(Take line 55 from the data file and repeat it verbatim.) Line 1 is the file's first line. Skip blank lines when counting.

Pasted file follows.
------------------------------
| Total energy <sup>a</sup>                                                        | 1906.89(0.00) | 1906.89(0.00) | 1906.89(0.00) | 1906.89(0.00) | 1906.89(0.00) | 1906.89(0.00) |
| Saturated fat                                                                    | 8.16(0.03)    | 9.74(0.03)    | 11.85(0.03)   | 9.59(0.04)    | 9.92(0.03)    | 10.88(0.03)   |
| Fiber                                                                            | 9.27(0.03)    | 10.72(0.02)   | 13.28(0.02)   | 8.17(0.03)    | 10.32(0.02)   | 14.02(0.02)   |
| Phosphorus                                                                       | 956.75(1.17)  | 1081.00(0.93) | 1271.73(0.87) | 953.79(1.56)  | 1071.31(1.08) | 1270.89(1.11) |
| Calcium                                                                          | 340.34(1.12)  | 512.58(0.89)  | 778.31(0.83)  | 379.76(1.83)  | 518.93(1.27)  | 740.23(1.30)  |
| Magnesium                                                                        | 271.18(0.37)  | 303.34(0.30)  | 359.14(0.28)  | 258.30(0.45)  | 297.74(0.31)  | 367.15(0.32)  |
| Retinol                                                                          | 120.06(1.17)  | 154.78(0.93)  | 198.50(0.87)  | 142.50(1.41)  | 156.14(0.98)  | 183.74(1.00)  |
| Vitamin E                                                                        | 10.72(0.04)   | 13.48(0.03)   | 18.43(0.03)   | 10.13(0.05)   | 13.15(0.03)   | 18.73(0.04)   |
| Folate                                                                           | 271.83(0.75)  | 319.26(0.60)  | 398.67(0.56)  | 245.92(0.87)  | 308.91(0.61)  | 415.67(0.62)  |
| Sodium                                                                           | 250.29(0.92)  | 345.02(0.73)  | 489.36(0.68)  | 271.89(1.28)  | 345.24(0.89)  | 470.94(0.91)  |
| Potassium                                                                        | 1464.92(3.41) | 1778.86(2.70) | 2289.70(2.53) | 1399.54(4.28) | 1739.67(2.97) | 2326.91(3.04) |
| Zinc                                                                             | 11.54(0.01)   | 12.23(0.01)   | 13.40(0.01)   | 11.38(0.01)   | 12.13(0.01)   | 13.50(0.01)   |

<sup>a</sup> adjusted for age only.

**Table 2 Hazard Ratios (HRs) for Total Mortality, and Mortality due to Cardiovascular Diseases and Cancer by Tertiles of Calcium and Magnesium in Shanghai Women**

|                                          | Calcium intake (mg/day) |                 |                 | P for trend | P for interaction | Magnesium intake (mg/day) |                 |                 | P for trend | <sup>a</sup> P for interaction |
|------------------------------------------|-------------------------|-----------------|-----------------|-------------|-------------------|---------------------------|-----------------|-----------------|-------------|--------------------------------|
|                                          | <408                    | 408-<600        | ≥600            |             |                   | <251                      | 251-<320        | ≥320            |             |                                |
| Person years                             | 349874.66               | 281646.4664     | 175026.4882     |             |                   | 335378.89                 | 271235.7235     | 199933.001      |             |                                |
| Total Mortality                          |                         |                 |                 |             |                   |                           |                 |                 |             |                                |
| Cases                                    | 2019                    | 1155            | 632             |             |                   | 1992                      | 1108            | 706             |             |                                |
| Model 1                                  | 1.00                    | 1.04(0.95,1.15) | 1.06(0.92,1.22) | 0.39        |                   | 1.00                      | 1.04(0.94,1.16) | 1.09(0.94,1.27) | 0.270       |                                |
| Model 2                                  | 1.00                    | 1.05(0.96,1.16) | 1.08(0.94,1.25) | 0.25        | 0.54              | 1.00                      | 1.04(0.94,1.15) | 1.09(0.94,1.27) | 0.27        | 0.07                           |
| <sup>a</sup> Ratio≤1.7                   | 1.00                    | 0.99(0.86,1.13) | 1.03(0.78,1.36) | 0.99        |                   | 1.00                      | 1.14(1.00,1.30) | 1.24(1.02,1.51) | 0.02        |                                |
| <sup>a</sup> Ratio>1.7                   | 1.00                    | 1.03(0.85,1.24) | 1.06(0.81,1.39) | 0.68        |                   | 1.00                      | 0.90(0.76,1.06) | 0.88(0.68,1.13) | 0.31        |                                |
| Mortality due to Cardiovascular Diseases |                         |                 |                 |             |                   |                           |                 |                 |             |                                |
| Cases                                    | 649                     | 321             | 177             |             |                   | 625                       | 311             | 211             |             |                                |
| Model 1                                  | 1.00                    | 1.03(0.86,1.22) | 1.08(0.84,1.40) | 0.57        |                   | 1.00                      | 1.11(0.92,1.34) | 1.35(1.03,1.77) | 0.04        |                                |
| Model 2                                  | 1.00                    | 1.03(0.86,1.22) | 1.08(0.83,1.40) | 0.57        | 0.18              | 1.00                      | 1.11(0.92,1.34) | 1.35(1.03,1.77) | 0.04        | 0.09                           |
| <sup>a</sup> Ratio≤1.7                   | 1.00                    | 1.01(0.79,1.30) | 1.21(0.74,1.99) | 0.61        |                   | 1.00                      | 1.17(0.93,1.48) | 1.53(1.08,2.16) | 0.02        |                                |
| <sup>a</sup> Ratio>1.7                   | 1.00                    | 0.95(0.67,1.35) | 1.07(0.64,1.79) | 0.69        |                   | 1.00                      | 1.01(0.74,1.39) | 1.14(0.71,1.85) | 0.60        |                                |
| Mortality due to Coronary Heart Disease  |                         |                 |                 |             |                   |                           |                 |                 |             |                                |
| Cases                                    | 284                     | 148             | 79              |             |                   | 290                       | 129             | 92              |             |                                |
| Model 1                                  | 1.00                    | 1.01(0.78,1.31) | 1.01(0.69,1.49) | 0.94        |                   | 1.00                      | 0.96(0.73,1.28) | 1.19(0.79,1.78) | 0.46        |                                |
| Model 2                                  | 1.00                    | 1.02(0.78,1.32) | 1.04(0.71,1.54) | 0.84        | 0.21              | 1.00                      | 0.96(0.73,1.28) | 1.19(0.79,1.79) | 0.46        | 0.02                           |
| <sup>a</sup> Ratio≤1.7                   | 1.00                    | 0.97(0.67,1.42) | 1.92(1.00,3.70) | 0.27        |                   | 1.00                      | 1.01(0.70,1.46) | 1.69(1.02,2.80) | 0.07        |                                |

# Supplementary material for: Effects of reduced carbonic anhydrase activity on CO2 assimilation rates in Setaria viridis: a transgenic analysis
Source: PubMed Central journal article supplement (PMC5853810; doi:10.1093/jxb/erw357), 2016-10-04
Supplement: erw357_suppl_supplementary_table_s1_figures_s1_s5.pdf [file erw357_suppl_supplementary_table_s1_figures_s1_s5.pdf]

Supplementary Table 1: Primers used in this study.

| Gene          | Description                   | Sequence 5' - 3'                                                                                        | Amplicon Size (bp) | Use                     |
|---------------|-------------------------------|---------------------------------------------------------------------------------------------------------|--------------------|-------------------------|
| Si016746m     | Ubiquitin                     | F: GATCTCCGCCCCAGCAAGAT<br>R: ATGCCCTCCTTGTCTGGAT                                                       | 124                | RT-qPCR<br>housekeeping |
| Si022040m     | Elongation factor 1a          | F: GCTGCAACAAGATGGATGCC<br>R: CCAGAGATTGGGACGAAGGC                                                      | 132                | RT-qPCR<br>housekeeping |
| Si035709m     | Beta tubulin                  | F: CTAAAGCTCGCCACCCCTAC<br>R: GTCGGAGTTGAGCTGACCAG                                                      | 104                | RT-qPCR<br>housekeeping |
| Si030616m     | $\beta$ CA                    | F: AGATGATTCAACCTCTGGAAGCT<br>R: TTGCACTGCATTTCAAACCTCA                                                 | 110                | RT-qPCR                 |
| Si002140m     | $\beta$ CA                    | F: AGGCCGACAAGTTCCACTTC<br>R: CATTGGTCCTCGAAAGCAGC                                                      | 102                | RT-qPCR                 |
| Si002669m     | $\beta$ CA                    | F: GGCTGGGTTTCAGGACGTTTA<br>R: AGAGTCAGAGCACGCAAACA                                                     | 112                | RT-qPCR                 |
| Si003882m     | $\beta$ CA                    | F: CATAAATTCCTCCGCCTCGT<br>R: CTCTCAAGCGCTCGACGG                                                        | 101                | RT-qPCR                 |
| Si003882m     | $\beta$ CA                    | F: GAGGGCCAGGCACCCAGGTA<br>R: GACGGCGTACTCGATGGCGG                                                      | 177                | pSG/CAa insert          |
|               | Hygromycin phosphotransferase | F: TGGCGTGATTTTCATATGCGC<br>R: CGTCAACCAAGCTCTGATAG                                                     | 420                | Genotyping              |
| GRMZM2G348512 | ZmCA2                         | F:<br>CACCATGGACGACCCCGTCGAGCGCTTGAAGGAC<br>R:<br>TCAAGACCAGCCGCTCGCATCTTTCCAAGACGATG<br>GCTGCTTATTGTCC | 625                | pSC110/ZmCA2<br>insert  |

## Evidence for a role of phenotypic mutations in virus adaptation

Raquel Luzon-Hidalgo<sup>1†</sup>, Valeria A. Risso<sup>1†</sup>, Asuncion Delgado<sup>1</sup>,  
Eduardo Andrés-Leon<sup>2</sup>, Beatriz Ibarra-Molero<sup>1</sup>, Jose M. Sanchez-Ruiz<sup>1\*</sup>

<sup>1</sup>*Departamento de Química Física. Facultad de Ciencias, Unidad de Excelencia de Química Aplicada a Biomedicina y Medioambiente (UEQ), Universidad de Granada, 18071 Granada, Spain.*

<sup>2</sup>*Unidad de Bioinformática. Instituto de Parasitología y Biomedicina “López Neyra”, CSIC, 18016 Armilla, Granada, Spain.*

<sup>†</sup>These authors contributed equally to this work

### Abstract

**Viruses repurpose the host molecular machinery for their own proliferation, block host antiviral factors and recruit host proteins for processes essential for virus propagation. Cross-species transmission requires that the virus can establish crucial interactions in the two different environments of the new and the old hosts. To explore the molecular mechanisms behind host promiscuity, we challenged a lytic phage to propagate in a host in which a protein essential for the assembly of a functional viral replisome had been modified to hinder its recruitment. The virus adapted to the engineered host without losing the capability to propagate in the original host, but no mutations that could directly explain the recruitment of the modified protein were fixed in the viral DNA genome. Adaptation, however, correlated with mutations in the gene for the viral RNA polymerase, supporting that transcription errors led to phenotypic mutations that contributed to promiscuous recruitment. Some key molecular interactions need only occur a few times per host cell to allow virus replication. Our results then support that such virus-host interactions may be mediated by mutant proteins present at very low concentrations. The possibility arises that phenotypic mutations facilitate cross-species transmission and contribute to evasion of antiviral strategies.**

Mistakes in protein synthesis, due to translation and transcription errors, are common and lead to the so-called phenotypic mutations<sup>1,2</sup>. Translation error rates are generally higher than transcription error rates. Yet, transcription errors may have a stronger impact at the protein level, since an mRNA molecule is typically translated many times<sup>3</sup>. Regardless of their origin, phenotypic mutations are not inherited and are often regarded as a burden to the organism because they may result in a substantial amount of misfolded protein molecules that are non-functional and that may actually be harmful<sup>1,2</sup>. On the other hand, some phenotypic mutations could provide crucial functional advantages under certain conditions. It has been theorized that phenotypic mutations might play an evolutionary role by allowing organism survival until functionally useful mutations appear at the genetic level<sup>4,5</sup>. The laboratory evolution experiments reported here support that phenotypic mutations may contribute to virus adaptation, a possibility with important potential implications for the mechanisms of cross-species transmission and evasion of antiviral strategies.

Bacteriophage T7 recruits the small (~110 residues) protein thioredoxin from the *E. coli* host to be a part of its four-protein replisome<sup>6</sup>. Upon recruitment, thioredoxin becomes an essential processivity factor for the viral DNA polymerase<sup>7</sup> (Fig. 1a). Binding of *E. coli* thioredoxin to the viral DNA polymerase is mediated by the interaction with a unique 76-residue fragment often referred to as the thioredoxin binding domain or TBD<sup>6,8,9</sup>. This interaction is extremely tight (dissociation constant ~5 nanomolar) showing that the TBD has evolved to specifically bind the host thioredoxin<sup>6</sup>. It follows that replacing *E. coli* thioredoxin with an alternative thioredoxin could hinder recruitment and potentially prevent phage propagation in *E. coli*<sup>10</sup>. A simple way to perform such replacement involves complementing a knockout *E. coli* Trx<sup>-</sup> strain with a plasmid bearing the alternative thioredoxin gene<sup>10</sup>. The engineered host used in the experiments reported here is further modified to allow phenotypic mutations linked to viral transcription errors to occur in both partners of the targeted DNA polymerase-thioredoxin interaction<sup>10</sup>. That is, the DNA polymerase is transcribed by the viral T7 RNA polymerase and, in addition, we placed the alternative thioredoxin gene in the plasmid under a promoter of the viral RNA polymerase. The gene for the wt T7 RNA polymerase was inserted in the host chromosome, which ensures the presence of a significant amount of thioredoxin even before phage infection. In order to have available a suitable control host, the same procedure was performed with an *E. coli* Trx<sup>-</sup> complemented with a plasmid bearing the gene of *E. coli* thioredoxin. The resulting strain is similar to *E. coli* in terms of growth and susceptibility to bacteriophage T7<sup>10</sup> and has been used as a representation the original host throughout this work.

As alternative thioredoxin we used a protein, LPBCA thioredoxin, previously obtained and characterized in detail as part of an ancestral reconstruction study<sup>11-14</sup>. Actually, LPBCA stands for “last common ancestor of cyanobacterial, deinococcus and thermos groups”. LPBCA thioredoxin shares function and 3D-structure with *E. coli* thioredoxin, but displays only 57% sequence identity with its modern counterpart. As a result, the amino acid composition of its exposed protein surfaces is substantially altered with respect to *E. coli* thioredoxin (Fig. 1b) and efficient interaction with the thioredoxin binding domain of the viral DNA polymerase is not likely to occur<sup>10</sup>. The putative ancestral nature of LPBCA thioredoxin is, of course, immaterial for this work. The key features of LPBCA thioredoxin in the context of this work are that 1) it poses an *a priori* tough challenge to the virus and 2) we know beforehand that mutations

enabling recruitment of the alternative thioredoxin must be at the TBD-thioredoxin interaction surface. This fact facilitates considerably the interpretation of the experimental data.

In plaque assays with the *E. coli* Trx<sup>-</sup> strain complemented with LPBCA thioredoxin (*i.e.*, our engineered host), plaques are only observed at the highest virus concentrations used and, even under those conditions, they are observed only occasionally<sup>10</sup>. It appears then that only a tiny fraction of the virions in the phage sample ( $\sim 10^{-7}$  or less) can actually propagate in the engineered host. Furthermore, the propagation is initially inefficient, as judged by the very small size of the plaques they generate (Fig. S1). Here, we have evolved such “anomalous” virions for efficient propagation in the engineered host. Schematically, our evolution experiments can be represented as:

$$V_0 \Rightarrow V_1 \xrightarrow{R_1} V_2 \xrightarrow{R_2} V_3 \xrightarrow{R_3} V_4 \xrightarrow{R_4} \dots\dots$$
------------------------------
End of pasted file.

<sup>1</sup>*Departamento de Química Física. Facultad de Ciencias, Unidad de Excelencia de Química Aplicada a Biomedicina y Medioambiente (UEQ), Universidad de Granada, 18071 Granada, Spain.*